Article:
Hybrid difference scheme

The hybrid difference scheme[1][2] is a method used in the numerical solution for convection–diffusion problems. It was first introduced by Spalding (1970). It is a combination of central difference scheme and upwind difference scheme as it exploits the favorable properties of both of these schemes.[3][4]

Introduction[5]

Hybrid difference scheme is a method used in the numerical solution for convection-diffusion problems. These problems play important roles in computational fluid dynamics. It can be described by the general partial equation as follows:[6]

(1)

Where, is density, is the velocity vector, is the diffusion coefficient and is the source term. In this equation property, can be temperature, internal energy or component of velocity vector in x, y and z directions.

For one-dimensional analysis of convection-diffusion problem in steady state and without the source the equation reduces to,

(2)

With boundary conditions, and , where L is the length, and are the given values.

Grid generation

Integrating equation 2 over the control volume containing node N, and using Gauss’ theorem i.e.,

(3)

Yields the following result,

= (4)

Where, A is the cross-sectional area of the control volume. The equation must also satisfy the continuity equation, i.e.,

= 0 (5)

Now let us define variables F and D to represent the convection mass flux and diffusion conductance at cell faces,

and (6)

Hence, equations (4) and (5) transform into the following equations:

(7)
(8)

Where, the lower case letters denote the values at the faces and the upper case letters denote that at the nodes. We also define a non-dimensional parameter Péclet number (Pe) as a measure of the relative strengths of convection and diffusion,

(9)

For a low Peclet number (|Pe|<2) the flow is characterized as dominated by diffusion. For large Peclet number the flow is dominated by convection.

Central and upwind difference scheme[3][7]

In the above equations (7) and (8), we observe that the values required are at the faces, instead of the nodes. Hence approximations are required to fulfill this.

In the central difference scheme we replace the value at the face with the average of the values at the adjacent nodes,

and (10)

By putting these values in equation (7) and rearranging we get the following result,

(11)

where,

In the Upwind scheme we replace the value at the face with the value at the adjacent upstream node. For example, for the flow to the right (Pe>0)as shown in the diagram, we replace the values as follows;

and (12)

And for Pe < 0, we put the values as shown in the figure 3,

and (13)

By putting these values in equation (7) and rearranging we get the same equation as equation (11), with the following values of the coefficients:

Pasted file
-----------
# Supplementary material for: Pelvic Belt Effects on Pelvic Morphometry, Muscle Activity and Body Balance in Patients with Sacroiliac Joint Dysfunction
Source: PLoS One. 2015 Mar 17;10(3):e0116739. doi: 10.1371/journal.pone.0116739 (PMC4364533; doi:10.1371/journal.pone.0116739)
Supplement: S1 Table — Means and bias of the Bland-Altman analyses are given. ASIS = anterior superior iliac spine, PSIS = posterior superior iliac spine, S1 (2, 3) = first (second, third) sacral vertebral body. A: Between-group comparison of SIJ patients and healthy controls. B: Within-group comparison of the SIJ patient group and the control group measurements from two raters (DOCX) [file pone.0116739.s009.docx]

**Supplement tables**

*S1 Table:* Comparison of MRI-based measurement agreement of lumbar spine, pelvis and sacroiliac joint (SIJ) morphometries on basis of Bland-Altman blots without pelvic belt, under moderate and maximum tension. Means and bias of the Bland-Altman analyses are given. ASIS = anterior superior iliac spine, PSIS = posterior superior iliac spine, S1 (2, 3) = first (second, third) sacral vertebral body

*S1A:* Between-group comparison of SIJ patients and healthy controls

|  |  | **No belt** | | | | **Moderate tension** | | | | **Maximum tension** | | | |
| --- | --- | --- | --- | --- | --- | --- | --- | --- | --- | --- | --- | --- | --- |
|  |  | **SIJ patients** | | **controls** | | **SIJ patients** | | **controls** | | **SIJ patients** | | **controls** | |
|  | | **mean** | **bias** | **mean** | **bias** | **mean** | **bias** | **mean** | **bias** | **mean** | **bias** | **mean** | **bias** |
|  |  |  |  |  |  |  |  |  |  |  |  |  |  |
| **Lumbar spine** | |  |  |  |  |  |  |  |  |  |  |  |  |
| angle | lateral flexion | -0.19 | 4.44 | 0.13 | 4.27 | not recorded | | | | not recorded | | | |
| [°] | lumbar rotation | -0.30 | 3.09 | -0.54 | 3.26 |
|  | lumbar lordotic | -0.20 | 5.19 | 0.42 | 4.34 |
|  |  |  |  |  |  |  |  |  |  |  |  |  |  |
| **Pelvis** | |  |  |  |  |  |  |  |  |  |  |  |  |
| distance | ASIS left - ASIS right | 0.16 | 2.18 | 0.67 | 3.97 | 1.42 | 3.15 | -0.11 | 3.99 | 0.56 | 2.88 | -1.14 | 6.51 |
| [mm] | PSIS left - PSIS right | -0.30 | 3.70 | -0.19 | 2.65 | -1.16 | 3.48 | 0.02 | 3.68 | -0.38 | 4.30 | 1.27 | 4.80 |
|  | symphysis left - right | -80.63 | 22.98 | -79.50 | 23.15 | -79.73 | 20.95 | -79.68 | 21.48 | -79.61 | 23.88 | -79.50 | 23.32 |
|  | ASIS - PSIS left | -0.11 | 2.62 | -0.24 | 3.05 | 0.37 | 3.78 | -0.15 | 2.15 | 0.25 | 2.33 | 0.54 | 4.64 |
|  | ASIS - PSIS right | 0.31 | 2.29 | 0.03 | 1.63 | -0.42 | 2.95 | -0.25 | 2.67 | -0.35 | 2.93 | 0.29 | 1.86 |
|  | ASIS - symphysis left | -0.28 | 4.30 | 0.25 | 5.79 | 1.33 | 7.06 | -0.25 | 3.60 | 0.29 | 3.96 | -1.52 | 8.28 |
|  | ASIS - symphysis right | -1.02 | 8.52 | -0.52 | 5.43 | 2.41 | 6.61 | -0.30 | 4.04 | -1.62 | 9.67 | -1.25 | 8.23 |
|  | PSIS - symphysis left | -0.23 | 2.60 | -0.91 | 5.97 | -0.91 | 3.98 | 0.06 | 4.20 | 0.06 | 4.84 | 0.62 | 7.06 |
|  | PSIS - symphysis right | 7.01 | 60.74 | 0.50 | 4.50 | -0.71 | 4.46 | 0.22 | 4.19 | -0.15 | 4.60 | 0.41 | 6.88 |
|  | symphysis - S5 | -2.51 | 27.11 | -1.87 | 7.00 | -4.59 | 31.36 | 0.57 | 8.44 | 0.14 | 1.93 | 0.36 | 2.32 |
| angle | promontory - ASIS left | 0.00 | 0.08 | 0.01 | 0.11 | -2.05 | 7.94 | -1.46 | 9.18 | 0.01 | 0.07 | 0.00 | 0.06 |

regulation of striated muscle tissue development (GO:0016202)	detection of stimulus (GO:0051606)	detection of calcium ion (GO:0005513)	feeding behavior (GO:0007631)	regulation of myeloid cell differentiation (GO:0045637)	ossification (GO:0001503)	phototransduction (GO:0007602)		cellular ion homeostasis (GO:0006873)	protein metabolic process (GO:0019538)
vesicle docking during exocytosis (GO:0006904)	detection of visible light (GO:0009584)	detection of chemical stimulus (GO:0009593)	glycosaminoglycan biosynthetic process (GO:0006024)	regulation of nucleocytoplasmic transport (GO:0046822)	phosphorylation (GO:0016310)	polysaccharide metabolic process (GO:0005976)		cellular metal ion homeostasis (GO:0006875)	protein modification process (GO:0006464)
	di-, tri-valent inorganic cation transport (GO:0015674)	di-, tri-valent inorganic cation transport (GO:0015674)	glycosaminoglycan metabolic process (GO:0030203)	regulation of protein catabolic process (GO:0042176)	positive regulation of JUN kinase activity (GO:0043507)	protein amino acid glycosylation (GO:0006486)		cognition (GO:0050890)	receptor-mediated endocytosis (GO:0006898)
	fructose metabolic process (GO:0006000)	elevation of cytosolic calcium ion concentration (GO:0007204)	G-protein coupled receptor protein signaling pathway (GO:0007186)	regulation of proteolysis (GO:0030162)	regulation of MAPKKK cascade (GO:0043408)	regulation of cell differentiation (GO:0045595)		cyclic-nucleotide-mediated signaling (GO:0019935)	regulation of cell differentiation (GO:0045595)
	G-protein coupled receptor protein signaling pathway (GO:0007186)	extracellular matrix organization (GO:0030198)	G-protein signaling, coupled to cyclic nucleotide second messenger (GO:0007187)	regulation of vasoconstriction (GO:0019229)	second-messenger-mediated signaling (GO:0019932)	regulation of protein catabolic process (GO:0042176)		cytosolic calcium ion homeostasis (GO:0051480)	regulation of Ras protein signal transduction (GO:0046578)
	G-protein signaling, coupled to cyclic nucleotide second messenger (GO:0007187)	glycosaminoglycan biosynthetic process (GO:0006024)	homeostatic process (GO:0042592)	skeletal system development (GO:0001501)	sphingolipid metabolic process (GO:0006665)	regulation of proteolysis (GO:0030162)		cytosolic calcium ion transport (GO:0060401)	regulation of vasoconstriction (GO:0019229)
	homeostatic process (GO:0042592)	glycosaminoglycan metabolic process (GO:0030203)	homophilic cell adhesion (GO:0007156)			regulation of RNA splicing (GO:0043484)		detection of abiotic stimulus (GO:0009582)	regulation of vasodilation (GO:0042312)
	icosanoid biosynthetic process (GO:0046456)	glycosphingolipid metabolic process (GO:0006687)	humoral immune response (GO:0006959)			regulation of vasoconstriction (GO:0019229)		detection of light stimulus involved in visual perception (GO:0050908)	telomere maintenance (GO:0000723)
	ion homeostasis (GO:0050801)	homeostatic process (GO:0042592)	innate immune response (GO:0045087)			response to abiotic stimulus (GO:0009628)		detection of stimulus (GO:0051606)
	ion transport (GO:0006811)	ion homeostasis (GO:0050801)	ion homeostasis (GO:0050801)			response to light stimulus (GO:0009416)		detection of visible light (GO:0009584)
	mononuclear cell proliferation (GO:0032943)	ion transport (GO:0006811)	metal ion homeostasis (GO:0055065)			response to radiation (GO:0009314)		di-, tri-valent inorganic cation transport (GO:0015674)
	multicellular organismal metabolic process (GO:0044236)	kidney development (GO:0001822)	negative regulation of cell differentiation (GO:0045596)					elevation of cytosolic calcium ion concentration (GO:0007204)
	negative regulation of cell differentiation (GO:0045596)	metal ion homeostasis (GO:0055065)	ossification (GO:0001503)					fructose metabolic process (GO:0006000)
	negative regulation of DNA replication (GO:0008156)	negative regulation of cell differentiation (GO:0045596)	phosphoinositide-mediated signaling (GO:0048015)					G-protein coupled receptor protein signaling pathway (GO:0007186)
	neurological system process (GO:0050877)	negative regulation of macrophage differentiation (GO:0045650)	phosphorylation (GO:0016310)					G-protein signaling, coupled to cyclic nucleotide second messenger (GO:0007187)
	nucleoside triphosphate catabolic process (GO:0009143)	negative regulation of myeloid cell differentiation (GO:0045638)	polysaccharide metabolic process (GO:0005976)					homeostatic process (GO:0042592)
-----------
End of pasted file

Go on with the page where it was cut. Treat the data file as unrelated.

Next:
Hybrid difference scheme[3][7]

The hybrid difference scheme of Spalding (1970) is a combination of the central difference scheme and upwind difference scheme. It makes use of the central difference scheme, which is second order accurate, for small Peclet numbers (|Pe| < 2). For large Peclet numbers (|Pe| > 2) it uses the Upwind difference scheme, which first order accurate but takes into account the convection of the fluid.

As it can be seen in figure 4 that for Pe = 0, it is a linear distribution and for high Pe it takes the upstream value depending on the flow direction. For example, the value at the left face, in different circumstances is,

for (14)
for (15)
for (16)

Substituting these values in equation (7) we get the same equation (11) with the values of the coefficients as follows,

Advantages and disadvantages

It exploits the favourable properties of the central difference and upwind scheme. It switches to upwind difference scheme when central difference scheme produces inaccurate results for high Peclet numbers. It produces physically realistic solution and has proved to be helpful in the prediction of practical flows. The only disadvantage associated with hybrid difference scheme is that the accuracy in terms of Taylor series truncation error is only first order.

See also

References

  1. Patankar, Suhas V. (1980). Numerical heat transfer and fluid flow (14. printing. ed.). Bristol, PA: Taylor & Francis. ISBN 9780891165224.
  2. Versteeg, H.K.; Malalasekera, W. (2007). An introduction to computational fluid dynamics : the finite volume method (2nd ed.). Harlow: Prentice Hall. ISBN 9780131274983.
  3. Scarborough, J.B.(1958) Numerical Mathematical Analysis, 4th edn, Johns Hopkins University Press, Baltimore, MD.
  4. Spalding, D.B. (1972). A Novel Finite-difference Formulation for Differential Expression Involving Both First and Second Derivatives, Int. J. Numer. Methods Eng., Vol. 4.
  5. Pollard, A. and Siu, A. L. W. (1982). The Calculation of Some Laminar Flows Using Various Discretization Schemes, Comput. Methods Appl. Mech. Eng., Vol. 35.
  6. Borris, J.P. and Brook, D.L. (1976). Solution of the Continuity Equation by the Method of Flux Corrected Transport, J. Comput. Phys., Vol. 16.
  7. Roache, P.J.(1976) Computational Fluid Dynamics, Hermosa, Albuquerque, NM.
This article is issued from Wikipedia. The text is licensed under Creative Commons - Attribution - Sharealike. Additional terms may apply for the media files.